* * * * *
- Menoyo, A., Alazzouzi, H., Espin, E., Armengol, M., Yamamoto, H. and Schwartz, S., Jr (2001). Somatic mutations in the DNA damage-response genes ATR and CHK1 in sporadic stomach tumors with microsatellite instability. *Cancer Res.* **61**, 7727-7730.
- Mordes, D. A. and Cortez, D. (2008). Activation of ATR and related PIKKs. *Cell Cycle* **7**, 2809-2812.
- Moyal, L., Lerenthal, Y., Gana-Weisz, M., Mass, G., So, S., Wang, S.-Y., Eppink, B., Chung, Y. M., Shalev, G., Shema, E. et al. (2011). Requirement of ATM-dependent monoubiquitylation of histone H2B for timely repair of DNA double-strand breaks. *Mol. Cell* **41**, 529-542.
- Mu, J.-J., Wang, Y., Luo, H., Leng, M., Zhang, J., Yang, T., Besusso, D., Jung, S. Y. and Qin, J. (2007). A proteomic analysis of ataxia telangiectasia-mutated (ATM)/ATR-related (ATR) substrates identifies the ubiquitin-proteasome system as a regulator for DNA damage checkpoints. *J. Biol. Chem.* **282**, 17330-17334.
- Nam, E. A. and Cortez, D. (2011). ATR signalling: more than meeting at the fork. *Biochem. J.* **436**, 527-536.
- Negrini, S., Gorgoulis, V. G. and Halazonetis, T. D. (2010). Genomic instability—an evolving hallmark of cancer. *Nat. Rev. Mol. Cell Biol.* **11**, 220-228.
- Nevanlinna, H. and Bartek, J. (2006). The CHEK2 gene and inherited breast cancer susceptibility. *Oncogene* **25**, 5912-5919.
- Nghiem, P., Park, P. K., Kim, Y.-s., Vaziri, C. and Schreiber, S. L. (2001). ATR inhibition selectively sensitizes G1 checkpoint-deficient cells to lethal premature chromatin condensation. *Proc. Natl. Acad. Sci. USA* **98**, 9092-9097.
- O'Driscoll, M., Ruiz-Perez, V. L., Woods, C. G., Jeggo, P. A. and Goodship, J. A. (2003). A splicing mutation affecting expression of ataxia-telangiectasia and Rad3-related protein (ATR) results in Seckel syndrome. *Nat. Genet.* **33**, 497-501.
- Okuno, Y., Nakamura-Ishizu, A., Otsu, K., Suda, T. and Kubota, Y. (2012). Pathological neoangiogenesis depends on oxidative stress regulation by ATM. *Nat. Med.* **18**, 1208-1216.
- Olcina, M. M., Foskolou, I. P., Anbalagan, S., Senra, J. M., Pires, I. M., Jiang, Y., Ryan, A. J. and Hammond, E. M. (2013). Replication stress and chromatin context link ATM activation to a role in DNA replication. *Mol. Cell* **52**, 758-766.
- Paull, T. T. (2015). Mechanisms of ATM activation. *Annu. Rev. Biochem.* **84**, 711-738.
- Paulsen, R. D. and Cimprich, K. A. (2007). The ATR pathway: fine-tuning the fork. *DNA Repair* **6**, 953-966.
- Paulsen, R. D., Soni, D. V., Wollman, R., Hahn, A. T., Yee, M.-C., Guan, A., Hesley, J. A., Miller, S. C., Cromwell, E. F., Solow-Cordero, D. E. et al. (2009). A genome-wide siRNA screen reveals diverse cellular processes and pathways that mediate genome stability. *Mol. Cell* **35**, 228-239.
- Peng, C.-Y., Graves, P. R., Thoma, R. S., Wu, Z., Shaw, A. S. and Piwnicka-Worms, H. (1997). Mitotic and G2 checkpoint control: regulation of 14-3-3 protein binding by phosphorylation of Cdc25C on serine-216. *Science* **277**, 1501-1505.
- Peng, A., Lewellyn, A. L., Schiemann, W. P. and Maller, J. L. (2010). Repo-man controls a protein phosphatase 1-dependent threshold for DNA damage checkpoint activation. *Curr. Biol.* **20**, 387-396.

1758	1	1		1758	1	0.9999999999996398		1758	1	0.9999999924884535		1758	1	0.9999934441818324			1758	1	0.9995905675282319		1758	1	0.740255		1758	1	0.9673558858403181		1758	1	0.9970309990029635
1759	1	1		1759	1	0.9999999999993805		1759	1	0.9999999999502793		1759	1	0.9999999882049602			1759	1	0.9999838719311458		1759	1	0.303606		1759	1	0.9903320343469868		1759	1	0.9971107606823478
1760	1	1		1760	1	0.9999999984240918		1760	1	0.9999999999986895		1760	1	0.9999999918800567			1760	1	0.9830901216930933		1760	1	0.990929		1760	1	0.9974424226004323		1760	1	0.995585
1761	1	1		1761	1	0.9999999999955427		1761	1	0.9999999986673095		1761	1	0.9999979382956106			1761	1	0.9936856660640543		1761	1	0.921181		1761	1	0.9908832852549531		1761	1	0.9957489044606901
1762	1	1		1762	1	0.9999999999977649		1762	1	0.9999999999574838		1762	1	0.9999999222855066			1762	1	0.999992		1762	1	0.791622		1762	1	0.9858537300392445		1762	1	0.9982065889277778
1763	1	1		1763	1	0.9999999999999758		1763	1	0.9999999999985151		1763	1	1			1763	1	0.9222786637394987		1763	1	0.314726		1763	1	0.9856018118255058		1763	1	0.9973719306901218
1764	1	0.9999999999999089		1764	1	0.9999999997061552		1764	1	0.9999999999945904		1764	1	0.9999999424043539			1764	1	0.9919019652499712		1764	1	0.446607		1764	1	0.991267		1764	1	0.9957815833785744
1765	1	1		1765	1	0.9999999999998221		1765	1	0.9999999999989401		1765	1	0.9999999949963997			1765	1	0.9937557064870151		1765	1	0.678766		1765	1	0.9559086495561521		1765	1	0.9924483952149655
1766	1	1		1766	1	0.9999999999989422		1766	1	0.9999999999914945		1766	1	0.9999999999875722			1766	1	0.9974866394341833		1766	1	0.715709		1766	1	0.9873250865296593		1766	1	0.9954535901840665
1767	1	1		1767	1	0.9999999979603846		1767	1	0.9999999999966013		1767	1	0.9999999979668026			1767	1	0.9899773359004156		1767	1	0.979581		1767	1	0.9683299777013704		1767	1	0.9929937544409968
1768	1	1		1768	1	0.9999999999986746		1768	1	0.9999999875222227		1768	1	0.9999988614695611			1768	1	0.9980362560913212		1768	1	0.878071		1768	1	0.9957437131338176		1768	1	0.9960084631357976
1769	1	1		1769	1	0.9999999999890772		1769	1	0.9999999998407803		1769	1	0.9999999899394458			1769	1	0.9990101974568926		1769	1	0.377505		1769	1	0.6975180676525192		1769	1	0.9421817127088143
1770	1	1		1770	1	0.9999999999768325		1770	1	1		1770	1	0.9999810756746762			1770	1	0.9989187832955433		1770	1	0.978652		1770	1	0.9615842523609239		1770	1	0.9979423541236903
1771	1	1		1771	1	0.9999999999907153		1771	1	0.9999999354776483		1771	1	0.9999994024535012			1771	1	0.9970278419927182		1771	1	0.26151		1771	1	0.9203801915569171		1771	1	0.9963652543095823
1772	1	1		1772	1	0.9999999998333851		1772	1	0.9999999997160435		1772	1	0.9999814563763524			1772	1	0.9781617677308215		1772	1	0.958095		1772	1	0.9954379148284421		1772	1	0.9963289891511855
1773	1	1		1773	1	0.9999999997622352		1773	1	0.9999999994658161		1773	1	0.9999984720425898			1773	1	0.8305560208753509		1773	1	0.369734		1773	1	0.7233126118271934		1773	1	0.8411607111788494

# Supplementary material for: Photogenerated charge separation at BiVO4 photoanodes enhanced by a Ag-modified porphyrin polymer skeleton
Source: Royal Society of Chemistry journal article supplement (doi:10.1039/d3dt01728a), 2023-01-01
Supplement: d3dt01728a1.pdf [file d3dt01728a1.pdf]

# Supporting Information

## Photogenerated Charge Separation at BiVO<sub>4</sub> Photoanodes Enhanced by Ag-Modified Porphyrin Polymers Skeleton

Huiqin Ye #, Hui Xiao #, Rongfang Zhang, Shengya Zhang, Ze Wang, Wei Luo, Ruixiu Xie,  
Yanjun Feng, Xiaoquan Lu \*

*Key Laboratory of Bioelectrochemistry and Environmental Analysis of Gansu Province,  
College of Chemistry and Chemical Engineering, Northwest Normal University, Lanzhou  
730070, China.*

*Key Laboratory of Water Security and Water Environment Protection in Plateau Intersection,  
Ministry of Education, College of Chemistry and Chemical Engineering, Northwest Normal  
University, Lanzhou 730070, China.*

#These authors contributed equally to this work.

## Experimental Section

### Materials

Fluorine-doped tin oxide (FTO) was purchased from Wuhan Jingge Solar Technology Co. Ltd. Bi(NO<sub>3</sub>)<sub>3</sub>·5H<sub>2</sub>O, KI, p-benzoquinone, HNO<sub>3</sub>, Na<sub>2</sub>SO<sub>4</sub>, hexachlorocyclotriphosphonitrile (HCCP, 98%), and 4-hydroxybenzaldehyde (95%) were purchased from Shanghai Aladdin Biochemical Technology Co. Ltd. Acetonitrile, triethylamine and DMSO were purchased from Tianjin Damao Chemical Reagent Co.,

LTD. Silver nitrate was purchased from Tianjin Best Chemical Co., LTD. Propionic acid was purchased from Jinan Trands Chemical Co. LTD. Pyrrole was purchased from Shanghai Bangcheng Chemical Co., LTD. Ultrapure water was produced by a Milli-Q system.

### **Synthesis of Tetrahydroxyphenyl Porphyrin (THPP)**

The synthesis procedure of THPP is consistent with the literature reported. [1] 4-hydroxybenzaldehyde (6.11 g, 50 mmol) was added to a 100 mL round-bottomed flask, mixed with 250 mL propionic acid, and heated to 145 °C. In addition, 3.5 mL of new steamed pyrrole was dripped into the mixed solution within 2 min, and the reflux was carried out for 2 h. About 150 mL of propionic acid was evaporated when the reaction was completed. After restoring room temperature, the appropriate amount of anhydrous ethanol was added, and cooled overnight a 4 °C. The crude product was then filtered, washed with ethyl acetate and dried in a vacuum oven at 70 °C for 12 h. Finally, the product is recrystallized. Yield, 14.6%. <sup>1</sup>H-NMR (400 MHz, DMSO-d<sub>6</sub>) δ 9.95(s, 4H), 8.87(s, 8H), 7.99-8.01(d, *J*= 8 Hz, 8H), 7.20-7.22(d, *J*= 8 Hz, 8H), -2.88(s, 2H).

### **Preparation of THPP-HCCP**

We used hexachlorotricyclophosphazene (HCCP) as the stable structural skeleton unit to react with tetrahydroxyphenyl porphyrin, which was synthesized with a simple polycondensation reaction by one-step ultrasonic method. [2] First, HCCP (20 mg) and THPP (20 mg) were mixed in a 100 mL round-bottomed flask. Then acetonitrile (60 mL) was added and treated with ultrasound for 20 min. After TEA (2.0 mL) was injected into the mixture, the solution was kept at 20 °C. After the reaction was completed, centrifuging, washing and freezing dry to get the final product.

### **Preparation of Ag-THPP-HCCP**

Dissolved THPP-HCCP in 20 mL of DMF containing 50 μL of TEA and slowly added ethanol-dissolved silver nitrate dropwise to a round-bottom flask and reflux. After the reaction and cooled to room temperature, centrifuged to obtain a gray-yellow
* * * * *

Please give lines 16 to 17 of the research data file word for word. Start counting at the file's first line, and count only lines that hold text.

- Peng, A., Lewellyn, A. L., Schiemann, W. P. and Maller, J. L. (2010). Repo-man controls a protein phosphatase 1-dependent threshold for DNA damage checkpoint activation. *Curr. Biol.* **20**, 387-396.

1758	1	1		1758	1	0.9999999999996398		1758	1	0.9999999924884535		1758	1	0.9999934441818324			1758	1	0.9995905675282319		1758	1	0.740255		1758	1	0.9673558858403181		1758	1	0.9970309990029635